Thais create Buddhist studies landmark


CHIANG MAI — Against a background of terror, conflicts and violence worldwide, during times when consumerism and materialism have been elevated as never before on pedestals surrounded by a divine aura, a small group of modest but dedicated Thai scholars, monks and nuns have worked quietly and efficiently the past three years, seeking solace in the wisdom of Buddha — precisely by resurrecting his genuine words, ideas and teachings.

The basic goal has been to produce, for the first time, a complete romanized Pali Tipitaka: the full Buddhist canon in roman characters.

To achieve this, the Dhamma Society Fund was established in Bangkok under the patronage of the supreme patriarch of Thailand. A group of Thai Buddhist scholars and Pali specialists went through very elaborate sessions, studying and comparing all previous sources — in particular, the international Buddhist Council (or “rehearsal” in Buddhist terminology) held in Burma in 1956 — reciting and correcting variants, restoring missing passages and evaluating various accompanying commentaries.

Significantly, the scholars have also drawn from the tremendous support of an equally dedicated group of young and bright engineers and computer specialists from Chulalongkorn University in Bangkok. They added a modern, “electronic” dimension to an academic exercise arising from a unique spiritual stream manifested some 2,500 years ago!

Now that 40 volumes of this monumental work have been magnificently printed, the people of the Dhamma Society Fund can be rightly credited for having produced the most complete Tipitaka edition ever to appear, the closest reproduction of the approved text of the Great Council of 1956, a treasure-trove of cross references related to previous editions and a foundation for future attempts at translating the whole text in every foreign language, using the solidly verified present text in Roman characters.

In addition, they and the Fund’s many donors in Thailand may also be proud of establishing, at Chulalongkorn University, the world’s most elaborate center for Tipitaka studies, with the most complete collection of the Pali canon’s editions not only in Thailand but internationally.

The undertaking is not limited to a praiseworthy but overly “esoteric” textual dimension. It is also expanded by several parallel contributions, such as the center for Tipitaka studies; rich visual (video) archives for every stage of the effort with relevant events at temples, special lectures, recitations, working sessions, etc.; and the worldwide dissemination of the knowledge acquired.

Buddhist scholars at large will easily grasp the importance of this effort. For ordinary people with spiritual motivations, it may be of interest for them to note that the Pali canon comprises 84,000 textual units with more than 22,000 pages, or approximately 24,300,000 characters.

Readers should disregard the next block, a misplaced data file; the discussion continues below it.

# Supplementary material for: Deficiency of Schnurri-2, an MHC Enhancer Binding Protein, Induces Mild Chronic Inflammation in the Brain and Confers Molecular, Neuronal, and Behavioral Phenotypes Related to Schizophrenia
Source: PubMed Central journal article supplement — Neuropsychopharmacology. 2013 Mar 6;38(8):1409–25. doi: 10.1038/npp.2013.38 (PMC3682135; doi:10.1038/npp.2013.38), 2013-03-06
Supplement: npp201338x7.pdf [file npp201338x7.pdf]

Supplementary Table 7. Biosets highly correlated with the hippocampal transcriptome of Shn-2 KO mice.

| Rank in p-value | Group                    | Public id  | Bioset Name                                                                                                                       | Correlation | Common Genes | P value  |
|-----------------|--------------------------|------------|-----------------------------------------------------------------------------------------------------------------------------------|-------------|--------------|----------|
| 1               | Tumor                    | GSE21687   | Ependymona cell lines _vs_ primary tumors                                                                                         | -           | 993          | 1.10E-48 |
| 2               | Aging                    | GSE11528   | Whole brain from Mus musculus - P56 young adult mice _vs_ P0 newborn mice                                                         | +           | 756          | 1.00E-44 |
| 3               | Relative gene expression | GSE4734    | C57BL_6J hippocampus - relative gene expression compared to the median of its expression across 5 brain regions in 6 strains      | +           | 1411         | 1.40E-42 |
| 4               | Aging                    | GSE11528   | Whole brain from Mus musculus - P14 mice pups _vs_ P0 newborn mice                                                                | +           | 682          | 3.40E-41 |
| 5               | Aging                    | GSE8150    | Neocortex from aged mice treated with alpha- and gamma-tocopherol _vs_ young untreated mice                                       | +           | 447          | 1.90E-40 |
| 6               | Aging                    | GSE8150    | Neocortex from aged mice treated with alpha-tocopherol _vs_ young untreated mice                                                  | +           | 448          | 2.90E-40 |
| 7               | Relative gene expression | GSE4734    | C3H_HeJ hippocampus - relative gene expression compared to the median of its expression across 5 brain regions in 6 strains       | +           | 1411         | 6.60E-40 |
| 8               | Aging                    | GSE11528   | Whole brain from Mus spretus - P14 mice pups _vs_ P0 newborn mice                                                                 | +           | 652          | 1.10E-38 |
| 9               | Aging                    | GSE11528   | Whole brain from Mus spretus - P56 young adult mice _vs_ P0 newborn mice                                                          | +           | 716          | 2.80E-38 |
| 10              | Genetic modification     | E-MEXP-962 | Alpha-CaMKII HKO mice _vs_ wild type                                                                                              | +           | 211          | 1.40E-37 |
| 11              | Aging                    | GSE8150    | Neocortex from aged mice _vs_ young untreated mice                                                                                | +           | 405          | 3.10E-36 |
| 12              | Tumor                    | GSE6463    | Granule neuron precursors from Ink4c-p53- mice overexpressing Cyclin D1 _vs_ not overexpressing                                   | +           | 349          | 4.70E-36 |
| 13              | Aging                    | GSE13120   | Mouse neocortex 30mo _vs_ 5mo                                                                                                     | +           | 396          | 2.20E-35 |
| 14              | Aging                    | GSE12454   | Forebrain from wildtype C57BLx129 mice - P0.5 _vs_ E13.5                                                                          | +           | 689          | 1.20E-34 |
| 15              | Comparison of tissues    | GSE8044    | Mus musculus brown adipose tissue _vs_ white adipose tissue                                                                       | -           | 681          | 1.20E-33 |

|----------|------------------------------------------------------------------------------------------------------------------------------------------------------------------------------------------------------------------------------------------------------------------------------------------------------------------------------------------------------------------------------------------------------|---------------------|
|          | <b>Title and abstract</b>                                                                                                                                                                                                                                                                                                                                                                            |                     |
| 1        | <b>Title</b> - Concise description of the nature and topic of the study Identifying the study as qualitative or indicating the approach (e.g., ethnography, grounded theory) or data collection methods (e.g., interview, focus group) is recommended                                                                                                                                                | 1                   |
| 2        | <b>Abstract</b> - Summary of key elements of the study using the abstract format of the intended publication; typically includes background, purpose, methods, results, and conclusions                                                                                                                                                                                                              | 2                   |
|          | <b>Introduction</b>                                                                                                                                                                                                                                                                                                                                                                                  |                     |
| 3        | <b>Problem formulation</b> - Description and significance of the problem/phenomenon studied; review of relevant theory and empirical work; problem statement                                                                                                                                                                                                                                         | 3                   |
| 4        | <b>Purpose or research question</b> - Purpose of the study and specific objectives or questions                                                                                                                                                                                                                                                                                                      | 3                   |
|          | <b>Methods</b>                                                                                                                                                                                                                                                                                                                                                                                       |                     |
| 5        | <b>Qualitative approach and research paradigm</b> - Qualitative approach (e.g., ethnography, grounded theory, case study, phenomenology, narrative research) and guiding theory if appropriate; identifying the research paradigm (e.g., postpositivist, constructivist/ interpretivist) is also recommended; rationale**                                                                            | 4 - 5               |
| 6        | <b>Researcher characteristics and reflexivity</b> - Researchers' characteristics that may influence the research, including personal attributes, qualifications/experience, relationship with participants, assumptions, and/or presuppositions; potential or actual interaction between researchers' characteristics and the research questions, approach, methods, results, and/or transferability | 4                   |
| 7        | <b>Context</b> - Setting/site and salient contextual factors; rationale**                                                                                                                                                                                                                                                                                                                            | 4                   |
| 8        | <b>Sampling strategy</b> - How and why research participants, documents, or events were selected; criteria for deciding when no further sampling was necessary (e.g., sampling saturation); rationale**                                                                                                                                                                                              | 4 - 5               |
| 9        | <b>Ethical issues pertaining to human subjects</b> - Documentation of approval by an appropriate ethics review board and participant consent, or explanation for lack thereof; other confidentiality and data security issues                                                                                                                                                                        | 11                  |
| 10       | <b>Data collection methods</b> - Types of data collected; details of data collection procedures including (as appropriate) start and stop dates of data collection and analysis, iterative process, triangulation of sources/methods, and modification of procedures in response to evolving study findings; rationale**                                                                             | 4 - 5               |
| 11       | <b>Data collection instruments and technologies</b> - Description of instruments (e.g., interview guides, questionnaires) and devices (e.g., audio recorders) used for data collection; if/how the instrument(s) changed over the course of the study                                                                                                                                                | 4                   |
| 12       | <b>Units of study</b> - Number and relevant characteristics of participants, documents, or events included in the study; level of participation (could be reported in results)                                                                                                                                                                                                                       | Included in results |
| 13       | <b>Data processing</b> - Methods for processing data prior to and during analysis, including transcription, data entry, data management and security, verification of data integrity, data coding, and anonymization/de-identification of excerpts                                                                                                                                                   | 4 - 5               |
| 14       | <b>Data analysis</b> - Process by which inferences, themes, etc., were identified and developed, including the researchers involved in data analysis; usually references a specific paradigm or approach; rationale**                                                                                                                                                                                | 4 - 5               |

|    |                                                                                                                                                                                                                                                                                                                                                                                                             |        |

To go through such an enormous amount of material in such a meticulous and strictly methodological way, while continuously seeking the closest approximation to the true word, speaks volumes for the dedication of the Thai team.

Another dimension that must be stressed has been eloquently expressed by one of Thailand’s foremost Buddhist scholars, the internationally acclaimed abbot and author Phra Dhammapitaka: “If the Pali canon was lost or corrupted, so was Buddhism . . . . The Pali canon is a huge record of cults, beliefs, religions, philosophies, customs, traditions, cultures, affairs, events and localities, such as the various city states in the past. . . . Whoever claims that he can practice without recourse to the Tipitaka, in effect says that he can practice without recourse to the Buddha.”

Now that the publication of the work has been completed, the Fund is planning, after presenting the first copy to the revered king of Thailand, to offer 1,000 sets of the 40-volume edition to various academic institutions, both in Thailand and abroad, spreading this knowledge to the four corners of our turbulent world.

Apart from the Buddhist world, per se, I believe that this unique project is significant to academia in general, even for those of different religious backgrounds. For it is the result of the enormous work of resuscitating the exact “word” of an old teaching, not only through endless recitations — since Pali language possesses no script, its value is placed in “sound” — but also through comparisons with parallel materials using the technology of our age.

If only we could hold this achievement up as a model of the correct and beneficial exploitation of the endless possibilities of the computer era.

Indeed, during a recent lecture on the completion of the work at Chulalongkorn University, one of the pillars of the Fund, well-known Thai Sanskrit scholar professor Visudh Busyakul said: “Our expectation to render the entire monumental work in a CD-ROM version in XML format will provide future international research with a tremendous potential to use and exploit endless relevant electronic data, attaining, perhaps unimaginable now, levels of convergence in drawing from such an inspiring source of spirituality.”